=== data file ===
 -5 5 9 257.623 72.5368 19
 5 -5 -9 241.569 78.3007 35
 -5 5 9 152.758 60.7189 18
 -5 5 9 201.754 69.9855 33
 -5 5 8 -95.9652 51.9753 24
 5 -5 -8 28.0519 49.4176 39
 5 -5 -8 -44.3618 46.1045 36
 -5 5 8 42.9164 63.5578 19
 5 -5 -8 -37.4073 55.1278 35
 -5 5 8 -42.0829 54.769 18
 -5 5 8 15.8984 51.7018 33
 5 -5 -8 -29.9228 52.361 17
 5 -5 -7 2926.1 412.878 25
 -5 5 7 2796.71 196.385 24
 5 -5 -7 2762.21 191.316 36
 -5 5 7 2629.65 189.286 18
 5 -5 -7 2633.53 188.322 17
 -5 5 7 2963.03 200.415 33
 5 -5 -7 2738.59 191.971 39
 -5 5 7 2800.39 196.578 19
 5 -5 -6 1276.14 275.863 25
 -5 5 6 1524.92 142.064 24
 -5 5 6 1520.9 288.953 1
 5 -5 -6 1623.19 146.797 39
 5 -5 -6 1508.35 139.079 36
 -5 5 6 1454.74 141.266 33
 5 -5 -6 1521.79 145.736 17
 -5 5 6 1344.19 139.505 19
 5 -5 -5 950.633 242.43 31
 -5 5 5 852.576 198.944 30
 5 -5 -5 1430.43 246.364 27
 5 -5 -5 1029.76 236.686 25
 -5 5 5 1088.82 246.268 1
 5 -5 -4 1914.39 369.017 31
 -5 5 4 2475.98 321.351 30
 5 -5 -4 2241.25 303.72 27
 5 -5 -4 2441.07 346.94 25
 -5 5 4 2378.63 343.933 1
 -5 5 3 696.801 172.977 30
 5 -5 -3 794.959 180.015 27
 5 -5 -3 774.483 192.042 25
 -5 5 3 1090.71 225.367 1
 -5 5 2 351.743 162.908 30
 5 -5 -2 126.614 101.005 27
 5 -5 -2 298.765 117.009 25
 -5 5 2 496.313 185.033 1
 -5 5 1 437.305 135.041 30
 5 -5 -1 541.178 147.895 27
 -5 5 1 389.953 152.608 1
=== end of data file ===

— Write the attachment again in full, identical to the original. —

 -5 5 9 257.623 72.5368 19
 5 -5 -9 241.569 78.3007 35
 -5 5 9 152.758 60.7189 18
 -5 5 9 201.754 69.9855 33
 -5 5 8 -95.9652 51.9753 24
 5 -5 -8 28.0519 49.4176 39
 5 -5 -8 -44.3618 46.1045 36
 -5 5 8 42.9164 63.5578 19
 5 -5 -8 -37.4073 55.1278 35
 -5 5 8 -42.0829 54.769 18
 -5 5 8 15.8984 51.7018 33
 5 -5 -8 -29.9228 52.361 17
 5 -5 -7 2926.1 412.878 25
 -5 5 7 2796.71 196.385 24
 5 -5 -7 2762.21 191.316 36
 -5 5 7 2629.65 189.286 18
 5 -5 -7 2633.53 188.322 17
 -5 5 7 2963.03 200.415 33
 5 -5 -7 2738.59 191.971 39
 -5 5 7 2800.39 196.578 19
 5 -5 -6 1276.14 275.863 25
 -5 5 6 1524.92 142.064 24
 -5 5 6 1520.9 288.953 1
 5 -5 -6 1623.19 146.797 39
 5 -5 -6 1508.35 139.079 36
 -5 5 6 1454.74 141.266 33
 5 -5 -6 1521.79 145.736 17
 -5 5 6 1344.19 139.505 19
 5 -5 -5 950.633 242.43 31
 -5 5 5 852.576 198.944 30
 5 -5 -5 1430.43 246.364 27
 5 -5 -5 1029.76 236.686 25
 -5 5 5 1088.82 246.268 1
 5 -5 -4 1914.39 369.017 31
 -5 5 4 2475.98 321.351 30
 5 -5 -4 2241.25 303.72 27
 5 -5 -4 2441.07 346.94 25
 -5 5 4 2378.63 343.933 1
 -5 5 3 696.801 172.977 30
 5 -5 -3 794.959 180.015 27
 5 -5 -3 774.483 192.042 25
 -5 5 3 1090.71 225.367 1
 -5 5 2 351.743 162.908 30
 5 -5 -2 126.614 101.005 27
 5 -5 -2 298.765 117.009 25
 -5 5 2 496.313 185.033 1
 -5 5 1 437.305 135.041 30
 5 -5 -1 541.178 147.895 27
 -5 5 1 389.953 152.608 1